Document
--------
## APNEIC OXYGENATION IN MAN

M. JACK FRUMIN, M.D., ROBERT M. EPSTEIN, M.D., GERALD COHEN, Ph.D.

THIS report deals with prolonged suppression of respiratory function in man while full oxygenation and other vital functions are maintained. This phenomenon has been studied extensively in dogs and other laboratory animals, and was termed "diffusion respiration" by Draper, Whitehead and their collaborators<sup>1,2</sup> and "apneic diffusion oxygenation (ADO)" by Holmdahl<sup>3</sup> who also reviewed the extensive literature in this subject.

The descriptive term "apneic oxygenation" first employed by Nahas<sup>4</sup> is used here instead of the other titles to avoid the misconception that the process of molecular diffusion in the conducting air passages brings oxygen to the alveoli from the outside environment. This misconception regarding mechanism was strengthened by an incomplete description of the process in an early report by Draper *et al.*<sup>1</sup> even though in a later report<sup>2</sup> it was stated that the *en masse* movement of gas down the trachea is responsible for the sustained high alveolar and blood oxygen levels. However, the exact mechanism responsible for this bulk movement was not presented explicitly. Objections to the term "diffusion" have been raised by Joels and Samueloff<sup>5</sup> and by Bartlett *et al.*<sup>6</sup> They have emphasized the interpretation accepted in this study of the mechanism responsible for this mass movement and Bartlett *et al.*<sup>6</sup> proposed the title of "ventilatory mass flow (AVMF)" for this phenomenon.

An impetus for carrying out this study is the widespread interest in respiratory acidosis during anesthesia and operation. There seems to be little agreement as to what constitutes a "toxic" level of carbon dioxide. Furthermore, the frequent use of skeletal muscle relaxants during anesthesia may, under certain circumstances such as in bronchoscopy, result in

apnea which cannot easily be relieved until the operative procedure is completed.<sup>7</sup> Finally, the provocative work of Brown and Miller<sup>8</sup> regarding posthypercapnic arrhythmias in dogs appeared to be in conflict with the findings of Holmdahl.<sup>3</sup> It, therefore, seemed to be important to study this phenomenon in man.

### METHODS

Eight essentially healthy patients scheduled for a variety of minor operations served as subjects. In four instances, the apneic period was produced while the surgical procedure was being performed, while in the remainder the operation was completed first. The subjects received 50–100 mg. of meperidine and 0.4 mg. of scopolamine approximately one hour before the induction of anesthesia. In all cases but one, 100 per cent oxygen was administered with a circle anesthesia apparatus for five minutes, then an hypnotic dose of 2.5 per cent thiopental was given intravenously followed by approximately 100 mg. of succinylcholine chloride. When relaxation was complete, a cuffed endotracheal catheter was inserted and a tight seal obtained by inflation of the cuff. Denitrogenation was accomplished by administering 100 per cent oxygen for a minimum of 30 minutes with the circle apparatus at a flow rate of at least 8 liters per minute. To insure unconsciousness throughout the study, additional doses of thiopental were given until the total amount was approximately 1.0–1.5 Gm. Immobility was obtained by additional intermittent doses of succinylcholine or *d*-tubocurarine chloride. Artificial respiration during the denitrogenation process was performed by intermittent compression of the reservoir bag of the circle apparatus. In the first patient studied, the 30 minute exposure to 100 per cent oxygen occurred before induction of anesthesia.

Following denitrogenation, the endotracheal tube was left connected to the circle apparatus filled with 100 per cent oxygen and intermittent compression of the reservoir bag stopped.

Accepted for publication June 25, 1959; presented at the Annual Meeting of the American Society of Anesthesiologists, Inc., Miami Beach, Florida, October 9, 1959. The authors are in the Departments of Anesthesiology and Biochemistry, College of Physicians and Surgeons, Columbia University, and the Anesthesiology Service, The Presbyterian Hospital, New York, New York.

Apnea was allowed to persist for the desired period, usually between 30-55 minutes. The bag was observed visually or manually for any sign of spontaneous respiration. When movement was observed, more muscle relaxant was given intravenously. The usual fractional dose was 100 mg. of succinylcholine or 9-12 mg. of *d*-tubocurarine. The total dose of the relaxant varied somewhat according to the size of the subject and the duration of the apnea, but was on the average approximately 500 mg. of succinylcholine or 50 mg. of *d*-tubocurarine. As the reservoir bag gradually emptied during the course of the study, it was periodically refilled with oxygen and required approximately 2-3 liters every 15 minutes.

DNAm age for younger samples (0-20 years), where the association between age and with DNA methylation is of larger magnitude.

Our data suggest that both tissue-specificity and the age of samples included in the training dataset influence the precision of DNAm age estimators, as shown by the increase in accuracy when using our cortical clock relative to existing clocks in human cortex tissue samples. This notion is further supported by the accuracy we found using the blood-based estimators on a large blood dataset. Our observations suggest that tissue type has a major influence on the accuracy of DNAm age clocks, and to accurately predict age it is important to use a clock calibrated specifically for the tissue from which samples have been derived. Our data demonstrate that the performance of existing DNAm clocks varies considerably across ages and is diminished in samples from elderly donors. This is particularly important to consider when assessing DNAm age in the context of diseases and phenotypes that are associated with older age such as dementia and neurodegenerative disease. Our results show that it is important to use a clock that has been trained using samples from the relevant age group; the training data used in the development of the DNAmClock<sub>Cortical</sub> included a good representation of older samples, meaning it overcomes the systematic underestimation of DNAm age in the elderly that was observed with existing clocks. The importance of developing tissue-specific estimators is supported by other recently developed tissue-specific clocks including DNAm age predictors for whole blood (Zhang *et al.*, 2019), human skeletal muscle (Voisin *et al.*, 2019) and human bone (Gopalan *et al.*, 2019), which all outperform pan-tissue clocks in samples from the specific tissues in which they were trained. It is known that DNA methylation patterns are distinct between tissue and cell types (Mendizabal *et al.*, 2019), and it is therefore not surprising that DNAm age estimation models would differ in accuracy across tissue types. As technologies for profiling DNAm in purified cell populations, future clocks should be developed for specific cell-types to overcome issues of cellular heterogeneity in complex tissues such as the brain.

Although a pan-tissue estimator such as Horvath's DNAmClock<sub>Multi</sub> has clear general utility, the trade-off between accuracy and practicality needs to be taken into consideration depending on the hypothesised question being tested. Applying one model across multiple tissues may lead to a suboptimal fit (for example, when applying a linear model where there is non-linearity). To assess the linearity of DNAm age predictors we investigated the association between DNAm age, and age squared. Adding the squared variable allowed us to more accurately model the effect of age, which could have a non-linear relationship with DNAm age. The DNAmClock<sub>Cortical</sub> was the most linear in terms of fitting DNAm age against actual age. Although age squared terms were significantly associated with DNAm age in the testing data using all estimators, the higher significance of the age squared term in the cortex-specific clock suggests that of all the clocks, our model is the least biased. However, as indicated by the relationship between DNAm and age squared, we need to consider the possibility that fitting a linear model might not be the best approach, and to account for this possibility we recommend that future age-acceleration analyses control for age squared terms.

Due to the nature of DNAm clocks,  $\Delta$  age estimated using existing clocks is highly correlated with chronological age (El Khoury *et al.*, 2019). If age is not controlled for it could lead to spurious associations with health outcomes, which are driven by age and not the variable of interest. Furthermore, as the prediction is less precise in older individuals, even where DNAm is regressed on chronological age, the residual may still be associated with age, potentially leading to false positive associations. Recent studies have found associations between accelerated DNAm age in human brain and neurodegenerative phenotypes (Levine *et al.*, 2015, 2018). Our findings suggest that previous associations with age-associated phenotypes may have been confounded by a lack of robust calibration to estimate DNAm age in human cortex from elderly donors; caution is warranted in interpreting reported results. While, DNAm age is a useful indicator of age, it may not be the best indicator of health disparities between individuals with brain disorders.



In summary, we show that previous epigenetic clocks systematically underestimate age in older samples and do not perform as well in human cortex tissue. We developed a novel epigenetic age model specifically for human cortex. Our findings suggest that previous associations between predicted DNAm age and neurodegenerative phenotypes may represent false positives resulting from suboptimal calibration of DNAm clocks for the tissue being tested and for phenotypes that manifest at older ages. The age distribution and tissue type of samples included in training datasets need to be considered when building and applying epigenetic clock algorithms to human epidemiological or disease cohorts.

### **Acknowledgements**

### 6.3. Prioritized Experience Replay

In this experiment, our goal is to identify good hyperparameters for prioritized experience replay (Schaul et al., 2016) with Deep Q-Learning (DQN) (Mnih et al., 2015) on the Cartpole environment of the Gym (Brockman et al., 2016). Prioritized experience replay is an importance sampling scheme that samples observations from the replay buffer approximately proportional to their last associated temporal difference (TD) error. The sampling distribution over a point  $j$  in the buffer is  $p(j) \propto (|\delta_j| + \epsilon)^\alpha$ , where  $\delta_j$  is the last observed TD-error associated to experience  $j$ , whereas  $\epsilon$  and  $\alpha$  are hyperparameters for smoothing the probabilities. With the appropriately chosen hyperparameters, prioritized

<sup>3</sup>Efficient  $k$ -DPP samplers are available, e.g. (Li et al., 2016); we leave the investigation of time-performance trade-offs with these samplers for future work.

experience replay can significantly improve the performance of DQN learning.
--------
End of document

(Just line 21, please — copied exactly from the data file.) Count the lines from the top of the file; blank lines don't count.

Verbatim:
experience replay can significantly improve the performance of DQN learning.